Robinson has been a fan-favorite due to his four issue Elseworlds-that-is-probably-considered-continuity mini-series the Golden Age and for his incredible series Starman. Unfortunately, Robinson also has the distinction of being the screenwriter for the League of Extraordinary Gentlemen movie that allegedly put him in a depression that kept him from writing for years, but the less said about that the better.
After Starman, Robinson had left comics for awhile, but he made a triumphant return with the Batman story Face the Face. Soon after that, Robinson was making a splash in the pages of Superman and then he was promised the keys to the kingdom with Justice League of America.
The picture at the top of the article was part of the promotion material to get readers excited for an all-new Justice League and I must admit that I was more than excited for it. Sure, the team wasn’t Morrison’s JLA, and Robinson’s Justice League: Cry for Justice was more than a mess (it was nearly impossible to read), but this was the next generation of heroes stepping up into the big leagues. This was a group of former Teen Titans finally stepping up and becoming the defenders of our planet. Metaphorically, this Justice League was like Robinson’s career itself; full of promise.
Robinson’s run began with issue #38 but the team wouldn’t form until #41 and they fell apart by #43. So, the James Robinson Justice League that had been heavily promoted was officially a team for all of three issues.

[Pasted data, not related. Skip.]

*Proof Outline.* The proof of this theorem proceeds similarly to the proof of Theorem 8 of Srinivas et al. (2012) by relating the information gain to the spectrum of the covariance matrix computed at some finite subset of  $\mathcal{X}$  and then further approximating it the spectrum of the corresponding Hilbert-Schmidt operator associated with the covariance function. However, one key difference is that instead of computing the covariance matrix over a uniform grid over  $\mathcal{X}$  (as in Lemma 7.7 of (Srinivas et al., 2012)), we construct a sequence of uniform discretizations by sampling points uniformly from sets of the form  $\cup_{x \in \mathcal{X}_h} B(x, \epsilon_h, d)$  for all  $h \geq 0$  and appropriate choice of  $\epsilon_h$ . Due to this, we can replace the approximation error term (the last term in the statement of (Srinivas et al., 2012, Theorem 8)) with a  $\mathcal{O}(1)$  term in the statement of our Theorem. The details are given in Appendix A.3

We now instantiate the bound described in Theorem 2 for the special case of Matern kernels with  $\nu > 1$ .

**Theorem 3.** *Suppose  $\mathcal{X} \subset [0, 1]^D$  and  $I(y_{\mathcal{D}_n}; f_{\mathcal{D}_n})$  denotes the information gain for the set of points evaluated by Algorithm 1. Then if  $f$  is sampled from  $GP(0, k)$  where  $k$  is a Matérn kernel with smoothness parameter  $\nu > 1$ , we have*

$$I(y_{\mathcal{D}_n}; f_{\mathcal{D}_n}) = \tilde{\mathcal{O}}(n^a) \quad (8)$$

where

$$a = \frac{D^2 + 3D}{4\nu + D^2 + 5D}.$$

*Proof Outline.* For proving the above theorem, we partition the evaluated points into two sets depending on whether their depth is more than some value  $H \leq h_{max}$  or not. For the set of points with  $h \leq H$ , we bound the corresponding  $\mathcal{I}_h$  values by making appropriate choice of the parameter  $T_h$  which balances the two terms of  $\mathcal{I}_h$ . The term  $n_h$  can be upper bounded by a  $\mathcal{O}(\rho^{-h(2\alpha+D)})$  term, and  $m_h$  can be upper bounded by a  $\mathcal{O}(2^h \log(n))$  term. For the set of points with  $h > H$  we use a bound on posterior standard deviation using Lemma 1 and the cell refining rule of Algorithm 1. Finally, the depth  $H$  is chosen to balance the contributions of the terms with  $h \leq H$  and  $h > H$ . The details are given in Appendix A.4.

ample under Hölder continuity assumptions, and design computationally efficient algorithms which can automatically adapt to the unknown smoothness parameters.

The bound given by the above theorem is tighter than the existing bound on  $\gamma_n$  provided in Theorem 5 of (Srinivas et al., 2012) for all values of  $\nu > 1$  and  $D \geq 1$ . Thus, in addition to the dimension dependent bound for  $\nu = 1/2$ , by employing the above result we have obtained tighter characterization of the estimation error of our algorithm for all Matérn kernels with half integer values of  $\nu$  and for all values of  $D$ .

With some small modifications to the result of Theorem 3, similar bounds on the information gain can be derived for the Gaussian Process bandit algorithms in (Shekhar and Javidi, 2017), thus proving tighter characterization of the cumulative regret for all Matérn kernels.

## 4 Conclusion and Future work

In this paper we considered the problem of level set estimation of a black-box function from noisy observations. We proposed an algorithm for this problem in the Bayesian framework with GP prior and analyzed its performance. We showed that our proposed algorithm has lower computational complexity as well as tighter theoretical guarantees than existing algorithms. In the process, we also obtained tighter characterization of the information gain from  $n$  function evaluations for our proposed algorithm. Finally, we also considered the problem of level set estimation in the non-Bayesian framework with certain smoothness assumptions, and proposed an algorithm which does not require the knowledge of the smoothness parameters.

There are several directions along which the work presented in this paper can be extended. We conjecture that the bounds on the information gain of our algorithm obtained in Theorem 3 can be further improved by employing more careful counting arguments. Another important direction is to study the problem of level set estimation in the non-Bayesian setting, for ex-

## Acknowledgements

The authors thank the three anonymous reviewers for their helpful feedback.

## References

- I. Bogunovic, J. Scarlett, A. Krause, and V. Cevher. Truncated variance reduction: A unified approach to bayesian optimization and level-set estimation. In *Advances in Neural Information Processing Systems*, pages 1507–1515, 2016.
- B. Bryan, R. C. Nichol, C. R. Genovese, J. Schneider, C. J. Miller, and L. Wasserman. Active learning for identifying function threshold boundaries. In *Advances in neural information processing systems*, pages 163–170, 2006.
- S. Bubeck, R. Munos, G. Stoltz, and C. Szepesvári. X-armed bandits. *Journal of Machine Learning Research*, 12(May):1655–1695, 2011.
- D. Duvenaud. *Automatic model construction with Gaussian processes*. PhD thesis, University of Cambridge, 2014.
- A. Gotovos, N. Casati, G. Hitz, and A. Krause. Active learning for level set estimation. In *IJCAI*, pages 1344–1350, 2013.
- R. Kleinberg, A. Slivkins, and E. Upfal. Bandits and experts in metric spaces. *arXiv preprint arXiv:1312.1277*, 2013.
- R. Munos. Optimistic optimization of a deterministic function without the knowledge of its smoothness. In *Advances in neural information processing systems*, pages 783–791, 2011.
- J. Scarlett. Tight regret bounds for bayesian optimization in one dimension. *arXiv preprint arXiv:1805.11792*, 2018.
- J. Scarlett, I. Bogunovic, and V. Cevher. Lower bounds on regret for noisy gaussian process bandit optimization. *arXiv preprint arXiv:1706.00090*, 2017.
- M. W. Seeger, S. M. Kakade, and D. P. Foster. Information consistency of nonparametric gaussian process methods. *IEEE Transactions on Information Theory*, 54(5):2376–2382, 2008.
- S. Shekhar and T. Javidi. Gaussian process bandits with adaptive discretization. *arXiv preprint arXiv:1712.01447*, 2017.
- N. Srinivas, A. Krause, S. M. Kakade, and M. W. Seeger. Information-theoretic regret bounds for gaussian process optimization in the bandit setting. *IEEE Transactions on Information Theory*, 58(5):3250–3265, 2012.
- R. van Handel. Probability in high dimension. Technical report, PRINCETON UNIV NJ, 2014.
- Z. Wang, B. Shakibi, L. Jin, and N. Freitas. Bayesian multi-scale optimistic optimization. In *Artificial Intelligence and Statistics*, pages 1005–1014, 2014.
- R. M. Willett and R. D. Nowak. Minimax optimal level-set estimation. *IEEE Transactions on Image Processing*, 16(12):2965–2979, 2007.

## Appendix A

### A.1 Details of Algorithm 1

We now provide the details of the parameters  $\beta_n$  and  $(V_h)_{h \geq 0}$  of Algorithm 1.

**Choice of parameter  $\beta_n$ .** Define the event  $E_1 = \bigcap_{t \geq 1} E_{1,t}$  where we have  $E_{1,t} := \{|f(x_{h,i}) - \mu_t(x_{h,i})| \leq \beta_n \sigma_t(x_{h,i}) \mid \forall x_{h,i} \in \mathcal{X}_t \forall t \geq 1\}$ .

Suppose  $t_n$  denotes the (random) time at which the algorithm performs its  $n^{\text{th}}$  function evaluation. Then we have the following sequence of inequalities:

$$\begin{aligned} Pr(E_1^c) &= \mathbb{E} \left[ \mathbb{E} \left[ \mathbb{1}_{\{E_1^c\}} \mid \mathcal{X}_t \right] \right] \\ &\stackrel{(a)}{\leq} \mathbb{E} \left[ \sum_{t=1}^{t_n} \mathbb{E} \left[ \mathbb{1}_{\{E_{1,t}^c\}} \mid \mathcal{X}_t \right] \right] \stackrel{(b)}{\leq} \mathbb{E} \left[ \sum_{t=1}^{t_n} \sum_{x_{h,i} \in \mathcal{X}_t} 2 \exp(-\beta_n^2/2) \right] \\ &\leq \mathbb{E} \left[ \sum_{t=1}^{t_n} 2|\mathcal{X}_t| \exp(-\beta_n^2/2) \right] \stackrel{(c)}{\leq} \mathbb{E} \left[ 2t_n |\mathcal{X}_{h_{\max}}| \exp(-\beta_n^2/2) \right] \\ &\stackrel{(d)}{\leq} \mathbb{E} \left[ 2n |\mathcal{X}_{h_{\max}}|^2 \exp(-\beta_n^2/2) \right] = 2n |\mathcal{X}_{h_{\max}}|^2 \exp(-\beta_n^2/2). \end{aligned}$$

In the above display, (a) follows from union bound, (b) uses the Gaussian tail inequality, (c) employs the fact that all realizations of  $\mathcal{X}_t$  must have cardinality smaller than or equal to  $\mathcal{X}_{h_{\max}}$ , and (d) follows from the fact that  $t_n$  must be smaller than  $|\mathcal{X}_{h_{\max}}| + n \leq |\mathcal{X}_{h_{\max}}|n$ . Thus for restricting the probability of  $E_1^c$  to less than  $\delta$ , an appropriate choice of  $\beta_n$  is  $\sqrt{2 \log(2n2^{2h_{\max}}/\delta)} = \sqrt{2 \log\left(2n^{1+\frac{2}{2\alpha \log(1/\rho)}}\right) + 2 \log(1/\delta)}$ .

One probably can’t blame Robinson, however, because we have to assume that editorial mandates forced him to let go of some of the characters he wanted to use. After all, Mon-El was returning to the future, Green Lantern had just finished Blackest Night, Starfire was joining Rebels, and Black Canary was returning to Birds of Prey. Again, the Justice League was broken, but Robinson still swore to rebuild.
Now, we’re at issue #54 and a whole new begins again. Mark Bagley has thankfully left the series (I’ve never been a fan of his art outside of Spider-man) and superstar artist Brett Booth is penciling Robinson’s new Justice League which consists of Batman (Dick Grayson), Supergirl, Donna Troy (who I wish had a superhero name), Jesse Quick, Jade, Starman (the blue alien), and Congorilla. So, how does this team stack up? Well, let’s hit the review:
Review – Before I even begin talking about the story, let’s talk about Brett Booth’s artwork. I’m not normally one to critique art because I’m no artist and there are people out there with far greater insight to structure, form, and line work than I will ever be able to express. With this in mind, I love Booth’s artwork. His characters tend to be more elongated than normal and it has echoes of Michael Turner’s work. I recognize that not everyone loved Turner’s art, but I thought it was gorgeous, so the fact that Booth’s work comes from that school of art really appeals to me.
The first page of the comic does not disappoint as Booth crams in 19 heroes in two large panels. The first panel features the core seven JLA members that we all know and love while the second panel features some fan-favorite back up characters (oh, and for some reason the worst JLA member ever, Vibe).
The next page is a full page splash of the current JLA and it left me with a sense of, “this is how you establish a team.” It just looks good and feels dynamic even if the overall roster feels a bit underwhelming at times. Unfortunately, we don’t see the Justice League in any capacity for the rest of the issue because the rest of the issue is a prologue to the story itself.